Crustacean-shell plastic might save the planet

A member of the AgriC team displays their prototype of chitin-based plastic.

A member of the AgriC team displays their prototype of chitin-based plastic.

Plastic made from crustacean shells sits atop a pan of dirt and growing plants. In front of the prototype display, four University of Washington students stand – and are swarmed by judges. Team AgriC is pitching a project taking chitosan – a derivative of chitin, a sugar obtained from the hard outer skeleton of shellfish that is commonly discarded as waste – and using it to produce biodegradable plastic for agricultural use.

AgriC started working on an alternative to plastic mulch contamination as students in fall quarter’s Environmental Innovation Practicum, a class that prepares students to participate in the Alaska Airlines Environmental Innovation Challenge – a competition that took place this year on March 31. Their goal was to show that there’s an alternative to plastic mulching, which produces 900 million pounds of waste each year.

“All we had in the beginning was a research paper stating that plastic could be made from chitosan,” said Daniel Park, a finance and entrepreneurship student on the team. “From that article, the entire team put in a lot of effort to research and find a market, network with professionals, interview potential customers, create a prototype and practice our pitch.”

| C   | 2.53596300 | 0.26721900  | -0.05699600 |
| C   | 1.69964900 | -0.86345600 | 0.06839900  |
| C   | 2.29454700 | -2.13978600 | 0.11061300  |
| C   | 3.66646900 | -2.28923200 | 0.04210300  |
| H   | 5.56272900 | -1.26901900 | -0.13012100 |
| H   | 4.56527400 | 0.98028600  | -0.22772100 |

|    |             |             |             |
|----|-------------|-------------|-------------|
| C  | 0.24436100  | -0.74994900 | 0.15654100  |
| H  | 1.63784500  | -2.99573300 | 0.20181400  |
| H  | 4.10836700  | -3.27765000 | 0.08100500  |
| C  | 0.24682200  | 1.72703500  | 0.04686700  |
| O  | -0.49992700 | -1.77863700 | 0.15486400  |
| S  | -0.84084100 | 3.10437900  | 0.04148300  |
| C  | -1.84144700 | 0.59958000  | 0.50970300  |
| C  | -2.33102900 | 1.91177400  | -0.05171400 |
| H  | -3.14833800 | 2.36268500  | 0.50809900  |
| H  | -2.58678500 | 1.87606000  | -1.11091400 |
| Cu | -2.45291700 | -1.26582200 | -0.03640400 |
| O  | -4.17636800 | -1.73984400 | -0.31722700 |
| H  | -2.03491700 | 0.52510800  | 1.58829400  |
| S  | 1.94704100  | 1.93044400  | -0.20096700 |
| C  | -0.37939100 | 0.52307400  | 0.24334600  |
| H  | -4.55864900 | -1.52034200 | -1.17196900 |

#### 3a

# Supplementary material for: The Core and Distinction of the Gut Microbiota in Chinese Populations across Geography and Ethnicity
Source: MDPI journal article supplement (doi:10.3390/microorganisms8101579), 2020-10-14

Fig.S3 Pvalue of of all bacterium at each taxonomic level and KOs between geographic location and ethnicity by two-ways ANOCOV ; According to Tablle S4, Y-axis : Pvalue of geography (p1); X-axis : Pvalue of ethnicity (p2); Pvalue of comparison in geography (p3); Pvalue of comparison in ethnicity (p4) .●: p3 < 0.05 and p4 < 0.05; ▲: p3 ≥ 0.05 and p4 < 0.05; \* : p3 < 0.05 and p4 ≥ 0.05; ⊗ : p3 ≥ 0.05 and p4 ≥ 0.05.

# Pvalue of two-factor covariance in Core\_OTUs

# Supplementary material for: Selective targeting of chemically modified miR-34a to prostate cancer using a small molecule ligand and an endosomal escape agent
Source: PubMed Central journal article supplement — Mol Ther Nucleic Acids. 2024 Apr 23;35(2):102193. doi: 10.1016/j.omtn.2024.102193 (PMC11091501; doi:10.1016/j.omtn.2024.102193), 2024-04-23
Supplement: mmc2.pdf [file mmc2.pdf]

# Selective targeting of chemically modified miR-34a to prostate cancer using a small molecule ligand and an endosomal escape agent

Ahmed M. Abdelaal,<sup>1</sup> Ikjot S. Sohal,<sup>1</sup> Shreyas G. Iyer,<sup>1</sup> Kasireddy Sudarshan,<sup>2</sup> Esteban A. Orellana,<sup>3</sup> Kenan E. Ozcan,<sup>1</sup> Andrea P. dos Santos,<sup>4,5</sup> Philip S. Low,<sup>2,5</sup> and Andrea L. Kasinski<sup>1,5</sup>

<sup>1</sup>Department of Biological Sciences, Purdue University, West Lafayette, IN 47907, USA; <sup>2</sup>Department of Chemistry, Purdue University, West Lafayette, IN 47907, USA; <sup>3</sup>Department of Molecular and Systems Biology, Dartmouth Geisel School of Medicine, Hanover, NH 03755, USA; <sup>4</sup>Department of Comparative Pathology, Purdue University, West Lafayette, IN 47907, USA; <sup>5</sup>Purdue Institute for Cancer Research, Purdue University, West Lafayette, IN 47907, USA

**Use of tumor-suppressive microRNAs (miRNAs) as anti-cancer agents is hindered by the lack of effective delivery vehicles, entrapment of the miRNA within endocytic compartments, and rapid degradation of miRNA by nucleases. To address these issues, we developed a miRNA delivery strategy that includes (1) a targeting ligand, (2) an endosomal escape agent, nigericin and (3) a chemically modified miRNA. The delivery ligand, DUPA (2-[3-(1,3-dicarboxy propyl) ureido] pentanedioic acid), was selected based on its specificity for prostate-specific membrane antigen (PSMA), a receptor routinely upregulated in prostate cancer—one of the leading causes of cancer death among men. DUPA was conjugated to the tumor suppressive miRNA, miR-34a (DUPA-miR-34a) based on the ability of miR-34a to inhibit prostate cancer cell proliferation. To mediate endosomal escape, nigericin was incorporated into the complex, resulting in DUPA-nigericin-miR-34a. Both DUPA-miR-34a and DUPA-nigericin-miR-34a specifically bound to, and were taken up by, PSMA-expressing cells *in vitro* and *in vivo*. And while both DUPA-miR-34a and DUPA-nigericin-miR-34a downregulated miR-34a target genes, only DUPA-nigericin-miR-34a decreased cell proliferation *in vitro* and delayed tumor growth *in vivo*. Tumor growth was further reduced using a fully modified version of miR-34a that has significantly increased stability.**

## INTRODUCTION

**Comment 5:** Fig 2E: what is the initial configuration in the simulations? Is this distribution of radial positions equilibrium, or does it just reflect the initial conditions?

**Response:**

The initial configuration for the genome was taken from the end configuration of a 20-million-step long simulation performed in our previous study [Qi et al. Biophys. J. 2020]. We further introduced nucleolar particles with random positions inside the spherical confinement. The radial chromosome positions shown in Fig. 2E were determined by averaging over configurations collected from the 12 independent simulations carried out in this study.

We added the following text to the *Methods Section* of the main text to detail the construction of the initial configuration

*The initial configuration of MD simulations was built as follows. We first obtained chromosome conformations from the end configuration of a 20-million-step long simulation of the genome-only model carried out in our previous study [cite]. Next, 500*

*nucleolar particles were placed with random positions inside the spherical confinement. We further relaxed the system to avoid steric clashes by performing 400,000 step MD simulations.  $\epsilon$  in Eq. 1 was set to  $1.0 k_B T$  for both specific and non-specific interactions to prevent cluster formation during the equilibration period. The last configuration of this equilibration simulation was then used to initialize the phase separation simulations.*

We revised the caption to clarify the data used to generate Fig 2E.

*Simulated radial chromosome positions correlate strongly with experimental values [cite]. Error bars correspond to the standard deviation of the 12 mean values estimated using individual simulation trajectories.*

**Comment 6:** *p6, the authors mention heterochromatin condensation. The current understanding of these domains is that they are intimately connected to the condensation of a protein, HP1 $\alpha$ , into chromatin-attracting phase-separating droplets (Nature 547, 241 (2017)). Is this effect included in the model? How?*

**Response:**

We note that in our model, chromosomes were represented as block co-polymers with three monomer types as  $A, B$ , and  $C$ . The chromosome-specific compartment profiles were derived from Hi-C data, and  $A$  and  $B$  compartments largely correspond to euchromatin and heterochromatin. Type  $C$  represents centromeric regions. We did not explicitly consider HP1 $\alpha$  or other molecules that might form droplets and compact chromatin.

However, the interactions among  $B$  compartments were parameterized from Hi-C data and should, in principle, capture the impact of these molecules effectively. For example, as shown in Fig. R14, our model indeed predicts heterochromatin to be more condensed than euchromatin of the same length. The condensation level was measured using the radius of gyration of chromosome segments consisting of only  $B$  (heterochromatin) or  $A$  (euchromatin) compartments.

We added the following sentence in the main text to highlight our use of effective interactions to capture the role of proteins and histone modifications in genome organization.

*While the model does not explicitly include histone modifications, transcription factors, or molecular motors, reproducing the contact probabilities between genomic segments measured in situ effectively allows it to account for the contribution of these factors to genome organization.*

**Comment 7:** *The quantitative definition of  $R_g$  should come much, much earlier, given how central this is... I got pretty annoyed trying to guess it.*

After months of work, the four students – Park, Moni Pal (economics), Andy Tan (biology) and Jade Xinyao Ding (environmental engineering) – demonstrated their prototype at the Challenge and took home the $15,000 Wells Fargo grand prize. What’s next for the team? Ding says they’re working on continuing to improve the technology with a goal of getting the product onto the market next year.

The Alaska Airlines Environmental Innovation Challenge is in its eighth year of providing a platform for students seeking to solve the world’s most pressing environmental problems. Along with the $15,000 awarded to AgriC, Ionic Windows – developing membranes for emerging grid-scale energy storage technology – was awarded the $10,000 Herbert B. Jones Foundation second place prize as well as the $5,000 UW Clean Energy Institute Clean Energy Prize. The $5,000 Starbucks third place prize went to ETA1 for their device converting wasted heat energy from engines into electrical energy that increases fuel economy.